Learn about actual and potential costs
How much should I pay for Strobe & Warning Lights?
What is the average price of Strobe & Warning Lights?
This procurement report includes pricing information to help you purchase Strobe & Warning Lights. Our analysts provide a benchmark price and a price range based on key pricing factors to help you understand what you should be paying for this specific product or service. To see the average price for this and hundreds of other products and services, subscribe to ProcurementIQ.
Has the price of Strobe & Warning Lights been rising or falling?
Analysts look at market data from the previous three years to determine an overall price trend. You can use the recent price trends to help you understand price volatility and plan your budget.
I’m not ready to purchase Strobe & Warning Lights yet. Will I pay more if I wait too long?
We forecast the next three years of price movements by looking at factors likely to affect the market's supply chain, such as inputs, demand and competition. You can then use the price forecast to figure out the best time to purchase.
What other costs are associated with purchasing Strobe & Warning Lights?
Our analysts calculate the total cost of ownership and assign a level of low, moderate or high, depending on things like customization, integration and installation. Use this information to budget for Strobe & Warning Lights with a reduced risk of unexpected costs.
See how we display average pricing information, trends and market data.
Find the vendor to meet your needs
Where can I purchase ?
ProcurementIQ estimates there are about 3,000 suppliers capable of providing strobe and warning lights in the United States. Suppliers include a mix of manufacturers, wholesalers and retailers. As a result of the relatively large number of possible vendors in this market, the level of market share concentration is low. Additionally,... Subscribe to learn more.
Questions to ask potential suppliers
How can I gain leverage during negotiations?
What are my delivery options and how do they differ in price?
How many suppliers do you use for product shipments?
What is the average delivery time to my location? Do you have multiple offices from which to choose?
What are the most frequent causes of shipment delays?
What systems are in place to minimize the risk for shipment delays?
What is the average life span of your strobe and warning light products? What is the expected total cost?
Can you describe some of the characteristics and limitations of your strobe and warning lights?
How long have your products been on the market? What are your product recall statistics? What is your product defect rate?
What are your best-selling strobe and warning lights (type and brand) that fit my needs?
How do your products compare to competitors' offerings in terms of life span, energy efficiency and reliability?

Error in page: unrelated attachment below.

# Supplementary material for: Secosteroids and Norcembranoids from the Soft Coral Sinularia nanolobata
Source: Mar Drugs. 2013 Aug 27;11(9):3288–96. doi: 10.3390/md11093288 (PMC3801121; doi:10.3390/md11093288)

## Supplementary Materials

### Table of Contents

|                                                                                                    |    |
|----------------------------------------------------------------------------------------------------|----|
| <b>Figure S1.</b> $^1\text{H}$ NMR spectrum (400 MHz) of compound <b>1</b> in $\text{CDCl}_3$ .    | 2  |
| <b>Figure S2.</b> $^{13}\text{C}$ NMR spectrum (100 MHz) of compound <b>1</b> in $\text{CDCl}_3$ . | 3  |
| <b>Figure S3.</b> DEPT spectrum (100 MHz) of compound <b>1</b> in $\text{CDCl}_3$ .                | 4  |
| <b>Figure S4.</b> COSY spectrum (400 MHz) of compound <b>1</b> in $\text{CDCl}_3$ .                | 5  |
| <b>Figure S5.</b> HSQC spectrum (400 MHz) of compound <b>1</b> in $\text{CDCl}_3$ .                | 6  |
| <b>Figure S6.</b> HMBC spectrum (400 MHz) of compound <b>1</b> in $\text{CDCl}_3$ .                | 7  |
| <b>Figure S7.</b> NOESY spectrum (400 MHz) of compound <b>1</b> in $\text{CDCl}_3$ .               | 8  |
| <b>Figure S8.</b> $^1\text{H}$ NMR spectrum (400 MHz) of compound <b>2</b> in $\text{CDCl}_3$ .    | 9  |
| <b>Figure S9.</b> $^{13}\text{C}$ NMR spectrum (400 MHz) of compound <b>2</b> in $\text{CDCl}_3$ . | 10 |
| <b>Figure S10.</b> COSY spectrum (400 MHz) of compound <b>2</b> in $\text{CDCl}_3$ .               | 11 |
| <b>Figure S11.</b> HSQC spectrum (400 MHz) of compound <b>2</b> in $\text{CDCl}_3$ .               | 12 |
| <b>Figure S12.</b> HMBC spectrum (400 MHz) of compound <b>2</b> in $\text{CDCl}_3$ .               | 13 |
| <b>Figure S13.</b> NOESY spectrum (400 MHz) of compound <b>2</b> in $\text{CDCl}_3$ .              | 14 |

Are there any larger companies that are considering purchasing your business or merging your business with theirs?
What is your company's sales history for the past five years?
Is your company currently dealing with litigation or facing the threat of litigation in the future?
From which markets do you derive the majority of your revenue?
Have your sales been growing or decreasing over the past three years?
How do you invest in production capacity and efficiency each year?
“Sending out RFPs used to be a nightmare”
Let’s chat about how procurement market intelligence can reduce
the time you spend issuing RFPs.
Key elements for every RFP
What should my RFP include?
Where appropriate, buyers should provide an idea of the upper price limit of the contract.
Buyers should indicate their preferred pricing terms, including payment method, invoicing and payment schedules.
Buyers should clarify whether there is potential for renewal and the potential value of the renewal.
Buyers should consider the vendor's proposal against their needs, and ensure the proposal has all the required information to make an informed decision.
Buyers should consider whether vendors have proposed reasonable pricing that is not significantly higher or lower than other submissions. (Higher pricing indicates that the vendor may be bloating prices, while lower prices may not be realistic and sustainable.)
Buyers should consider the financial health of the vendor, and consider whether any past bankruptcies or liquidations will affect a supply contract.
Buyers should give preference to vendors that propose lights that are known to be high in quality.
Buyers should indicate when the deadlines for questions and proposals are.
Buyers should provide dates by which the successful vendor will be decided and notified.
Buyers should indicate the start and end date of the contract.
If there is a probation period, buyers should indicate how long this will last for.
Buyers should also indicate whether there is an opportunity for renewal and the date that this will be decided by.
Evaluate major factors to mitigate risk
How risky is the supply chain?
The level of supply chain risk in the strobe and warning lights market is moderate. The greatest risk suppliers in this market face are intense fluctuations in historically volatile input costs, such as those related to aluminum and petroleum products. As a result, aluminum and petroleum manufacturers pose a high... Subscribe to learn more.